CRO (Conversion Rate Optimisation) is not just for large traffic sites with whole testing teams in place…
In this post, I want to talk through some challenges of CRO for SMEs and low traffic sites, why CRO is so important for business growth (no matter the size of your business), and how the CRO landscape is rapidly changing in the marketing world.
The challenges of CRO for SMEs:
- Having enough traffic to test on.
- Investing in conversion research to identify test opportunities.
- Knowing what to test first.
- Having internal resources and deciding the right technology stack.
Conversion rate optimisation is more than changing a word in your top fold or the colour of a button.
Often testing these small changes on a site wastes valuable testing time and user interaction with your site. Tests should hypothesise real change in user experience and behaviour that helps drive your North Star Metric (mainly top-level business goals such as revenue or profit).
Do you have enough traffic to run test programs?
The bigger the sample size in tests the smaller the margin of error. This means the more site traffic you have the better as you can run tests in a shorter period of time with high confidence in the statistical significance of the final result. The faster you run tests the more tests you can run per year and therefore the more agile you can be in optimising your site.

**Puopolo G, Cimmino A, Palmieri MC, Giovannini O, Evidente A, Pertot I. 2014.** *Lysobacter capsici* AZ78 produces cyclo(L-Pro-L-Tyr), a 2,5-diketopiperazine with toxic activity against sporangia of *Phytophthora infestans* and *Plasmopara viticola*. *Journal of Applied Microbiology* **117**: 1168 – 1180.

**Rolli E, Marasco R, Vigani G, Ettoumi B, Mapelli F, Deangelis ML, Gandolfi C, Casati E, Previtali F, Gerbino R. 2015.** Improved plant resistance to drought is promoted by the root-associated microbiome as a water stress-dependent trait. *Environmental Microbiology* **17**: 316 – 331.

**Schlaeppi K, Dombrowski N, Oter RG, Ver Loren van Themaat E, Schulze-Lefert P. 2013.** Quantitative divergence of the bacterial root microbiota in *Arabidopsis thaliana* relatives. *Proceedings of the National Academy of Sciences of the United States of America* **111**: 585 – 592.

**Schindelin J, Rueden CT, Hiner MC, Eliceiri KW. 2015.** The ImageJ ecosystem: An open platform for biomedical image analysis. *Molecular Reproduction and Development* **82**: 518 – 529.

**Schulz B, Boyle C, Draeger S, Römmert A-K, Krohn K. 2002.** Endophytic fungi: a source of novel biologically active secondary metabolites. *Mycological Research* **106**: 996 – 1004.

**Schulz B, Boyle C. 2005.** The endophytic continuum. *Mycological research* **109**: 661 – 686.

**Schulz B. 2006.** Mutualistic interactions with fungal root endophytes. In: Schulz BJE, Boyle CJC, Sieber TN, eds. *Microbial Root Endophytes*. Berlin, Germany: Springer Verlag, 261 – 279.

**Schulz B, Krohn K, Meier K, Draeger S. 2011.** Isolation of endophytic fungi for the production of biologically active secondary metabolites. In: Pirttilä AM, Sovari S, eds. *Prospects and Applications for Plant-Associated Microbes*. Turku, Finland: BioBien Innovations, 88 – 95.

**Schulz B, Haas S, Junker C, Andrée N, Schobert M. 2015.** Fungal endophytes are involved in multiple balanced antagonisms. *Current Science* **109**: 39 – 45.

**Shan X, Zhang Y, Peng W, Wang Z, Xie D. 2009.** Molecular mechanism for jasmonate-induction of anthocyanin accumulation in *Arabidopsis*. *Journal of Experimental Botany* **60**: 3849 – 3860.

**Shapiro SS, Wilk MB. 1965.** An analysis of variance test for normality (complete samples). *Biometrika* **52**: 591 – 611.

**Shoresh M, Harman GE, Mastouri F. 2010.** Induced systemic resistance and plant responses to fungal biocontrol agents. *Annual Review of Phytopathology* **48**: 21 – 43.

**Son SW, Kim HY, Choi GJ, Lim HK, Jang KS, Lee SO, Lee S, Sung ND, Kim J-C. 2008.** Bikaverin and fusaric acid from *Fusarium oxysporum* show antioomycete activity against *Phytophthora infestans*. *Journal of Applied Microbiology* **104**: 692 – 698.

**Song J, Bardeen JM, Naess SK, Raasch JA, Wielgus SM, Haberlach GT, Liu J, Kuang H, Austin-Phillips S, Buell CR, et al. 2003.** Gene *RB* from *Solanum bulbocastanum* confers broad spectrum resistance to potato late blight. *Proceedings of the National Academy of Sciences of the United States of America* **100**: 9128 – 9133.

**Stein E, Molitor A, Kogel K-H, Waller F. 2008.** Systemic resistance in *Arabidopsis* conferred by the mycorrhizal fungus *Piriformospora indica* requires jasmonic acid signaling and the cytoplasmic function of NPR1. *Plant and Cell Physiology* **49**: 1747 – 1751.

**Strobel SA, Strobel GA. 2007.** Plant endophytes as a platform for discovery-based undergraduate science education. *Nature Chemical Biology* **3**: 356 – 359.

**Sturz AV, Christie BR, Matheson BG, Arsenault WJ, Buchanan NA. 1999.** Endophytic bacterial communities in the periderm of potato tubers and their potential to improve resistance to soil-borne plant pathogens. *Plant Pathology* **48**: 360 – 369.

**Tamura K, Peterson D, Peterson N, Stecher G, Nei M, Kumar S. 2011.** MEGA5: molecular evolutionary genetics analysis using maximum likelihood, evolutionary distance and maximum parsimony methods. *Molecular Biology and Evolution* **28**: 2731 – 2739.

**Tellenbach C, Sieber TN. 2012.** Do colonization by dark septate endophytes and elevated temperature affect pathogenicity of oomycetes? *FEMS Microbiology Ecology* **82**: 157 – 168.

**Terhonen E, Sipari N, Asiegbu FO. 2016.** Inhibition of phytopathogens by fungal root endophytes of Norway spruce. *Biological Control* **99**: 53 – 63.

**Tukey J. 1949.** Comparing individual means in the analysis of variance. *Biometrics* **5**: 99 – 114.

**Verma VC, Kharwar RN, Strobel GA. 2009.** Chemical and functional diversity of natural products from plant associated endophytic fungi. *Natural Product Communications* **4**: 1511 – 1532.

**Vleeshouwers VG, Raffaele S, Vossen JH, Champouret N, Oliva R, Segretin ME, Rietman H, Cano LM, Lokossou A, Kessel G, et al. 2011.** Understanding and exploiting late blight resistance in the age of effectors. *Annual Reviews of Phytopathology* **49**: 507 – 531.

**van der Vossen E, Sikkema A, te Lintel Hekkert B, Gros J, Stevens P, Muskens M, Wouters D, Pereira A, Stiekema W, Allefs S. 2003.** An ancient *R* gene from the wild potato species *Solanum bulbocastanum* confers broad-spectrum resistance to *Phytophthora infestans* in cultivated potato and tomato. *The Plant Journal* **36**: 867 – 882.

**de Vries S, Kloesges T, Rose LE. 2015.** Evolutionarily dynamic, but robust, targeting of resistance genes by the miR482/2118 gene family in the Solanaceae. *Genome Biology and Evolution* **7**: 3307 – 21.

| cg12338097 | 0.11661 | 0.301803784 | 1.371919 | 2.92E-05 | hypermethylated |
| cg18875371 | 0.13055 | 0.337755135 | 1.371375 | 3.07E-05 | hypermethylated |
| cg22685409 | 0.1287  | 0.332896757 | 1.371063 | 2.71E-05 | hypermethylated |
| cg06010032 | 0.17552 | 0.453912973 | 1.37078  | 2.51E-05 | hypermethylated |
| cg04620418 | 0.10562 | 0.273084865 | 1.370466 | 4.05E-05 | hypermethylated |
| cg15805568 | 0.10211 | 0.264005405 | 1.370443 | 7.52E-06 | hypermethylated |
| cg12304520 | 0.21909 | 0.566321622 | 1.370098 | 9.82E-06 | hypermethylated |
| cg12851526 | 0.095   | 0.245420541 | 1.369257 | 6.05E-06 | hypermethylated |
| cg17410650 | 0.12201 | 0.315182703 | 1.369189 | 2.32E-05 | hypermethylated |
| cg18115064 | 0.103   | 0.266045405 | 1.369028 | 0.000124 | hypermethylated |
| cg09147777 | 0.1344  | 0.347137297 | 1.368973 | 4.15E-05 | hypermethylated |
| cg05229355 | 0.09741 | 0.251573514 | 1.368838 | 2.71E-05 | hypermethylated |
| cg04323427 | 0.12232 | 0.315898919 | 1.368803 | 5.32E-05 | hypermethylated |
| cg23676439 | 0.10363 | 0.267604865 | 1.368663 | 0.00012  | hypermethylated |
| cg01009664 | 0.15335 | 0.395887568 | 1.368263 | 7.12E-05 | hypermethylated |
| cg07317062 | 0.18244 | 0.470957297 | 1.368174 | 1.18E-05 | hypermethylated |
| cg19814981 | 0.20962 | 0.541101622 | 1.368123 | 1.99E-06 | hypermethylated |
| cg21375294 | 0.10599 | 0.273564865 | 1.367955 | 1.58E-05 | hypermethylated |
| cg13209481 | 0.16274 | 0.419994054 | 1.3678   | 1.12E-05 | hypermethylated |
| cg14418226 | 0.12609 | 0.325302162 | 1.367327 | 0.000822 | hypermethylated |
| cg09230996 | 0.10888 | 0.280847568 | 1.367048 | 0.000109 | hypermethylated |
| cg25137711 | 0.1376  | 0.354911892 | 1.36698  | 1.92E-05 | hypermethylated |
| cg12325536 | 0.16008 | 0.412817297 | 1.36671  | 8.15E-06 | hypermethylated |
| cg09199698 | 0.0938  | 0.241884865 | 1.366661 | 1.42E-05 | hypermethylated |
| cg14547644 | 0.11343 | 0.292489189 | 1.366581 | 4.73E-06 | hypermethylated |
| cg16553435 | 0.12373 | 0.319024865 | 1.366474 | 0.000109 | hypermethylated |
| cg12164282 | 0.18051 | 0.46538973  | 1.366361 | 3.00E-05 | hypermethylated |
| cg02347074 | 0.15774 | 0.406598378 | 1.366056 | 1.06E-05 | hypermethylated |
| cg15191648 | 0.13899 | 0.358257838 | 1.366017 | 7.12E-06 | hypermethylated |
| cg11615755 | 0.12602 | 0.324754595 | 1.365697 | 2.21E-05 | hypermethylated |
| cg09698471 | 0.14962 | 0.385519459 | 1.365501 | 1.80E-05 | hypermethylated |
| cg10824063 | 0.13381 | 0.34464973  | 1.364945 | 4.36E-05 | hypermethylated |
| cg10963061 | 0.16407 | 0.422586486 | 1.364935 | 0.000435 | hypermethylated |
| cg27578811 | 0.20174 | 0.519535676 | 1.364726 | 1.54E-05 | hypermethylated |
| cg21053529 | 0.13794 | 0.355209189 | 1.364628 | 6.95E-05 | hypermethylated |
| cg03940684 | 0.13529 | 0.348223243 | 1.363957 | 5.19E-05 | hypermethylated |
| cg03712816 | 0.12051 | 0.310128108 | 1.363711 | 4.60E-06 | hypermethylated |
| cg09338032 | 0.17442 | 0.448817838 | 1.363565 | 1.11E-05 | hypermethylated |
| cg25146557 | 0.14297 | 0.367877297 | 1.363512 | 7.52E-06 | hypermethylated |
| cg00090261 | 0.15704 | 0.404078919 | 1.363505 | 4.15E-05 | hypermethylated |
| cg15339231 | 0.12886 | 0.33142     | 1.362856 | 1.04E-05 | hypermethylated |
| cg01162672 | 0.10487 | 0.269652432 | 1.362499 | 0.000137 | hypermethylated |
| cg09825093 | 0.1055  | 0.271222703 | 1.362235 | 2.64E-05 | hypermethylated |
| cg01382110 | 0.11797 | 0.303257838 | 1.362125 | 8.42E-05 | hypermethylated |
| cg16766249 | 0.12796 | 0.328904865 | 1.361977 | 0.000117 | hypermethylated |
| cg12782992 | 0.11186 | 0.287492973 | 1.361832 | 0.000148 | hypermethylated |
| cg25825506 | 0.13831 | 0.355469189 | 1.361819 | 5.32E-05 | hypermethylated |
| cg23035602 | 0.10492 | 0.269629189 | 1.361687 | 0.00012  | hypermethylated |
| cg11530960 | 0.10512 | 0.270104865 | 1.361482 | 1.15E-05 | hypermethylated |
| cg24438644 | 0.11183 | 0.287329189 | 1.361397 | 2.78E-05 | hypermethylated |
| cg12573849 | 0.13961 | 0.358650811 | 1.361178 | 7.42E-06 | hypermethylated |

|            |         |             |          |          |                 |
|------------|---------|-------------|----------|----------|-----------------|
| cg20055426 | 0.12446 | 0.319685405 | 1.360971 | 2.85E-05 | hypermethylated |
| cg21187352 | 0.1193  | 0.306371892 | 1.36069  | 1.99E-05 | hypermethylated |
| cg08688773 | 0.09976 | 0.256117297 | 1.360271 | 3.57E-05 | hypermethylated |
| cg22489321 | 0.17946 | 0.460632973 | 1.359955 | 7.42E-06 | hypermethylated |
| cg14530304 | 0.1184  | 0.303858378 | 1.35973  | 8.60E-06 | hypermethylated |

But what about sites that don’t have a lot of traffic per month?
This shouldn’t stop sites from constantly experimenting with site navigation, user experience, and overall messaging. It just needs to be done slightly differently from the higher traffic sites.
Conversion research is an absolute must! This will allow you to find the right areas to focus on to make sure your time is always well spent (more on this in the next section). Sometimes, with smaller traffic sites, the only way to test a change is to change it, put it live, and closely monitor user behaviour on your site. As a rule of thumb, any increase in conversions less than 15% will be hard to attribute to any one particular change you have made. But with slow and steady changes comes slow and steady site conversion increases and you can start and become more and more confident in your site changes being the cause for the business needle moving forward.
That’s not to say you can’t run tests, but be prepared to run less of them for much longer to see statistical significance.
Investing in conversion research
Conversion research helps you identify where your site is letting you down. But why does it have to be driven by data? Why can’t you just start testing things you think aren’t working?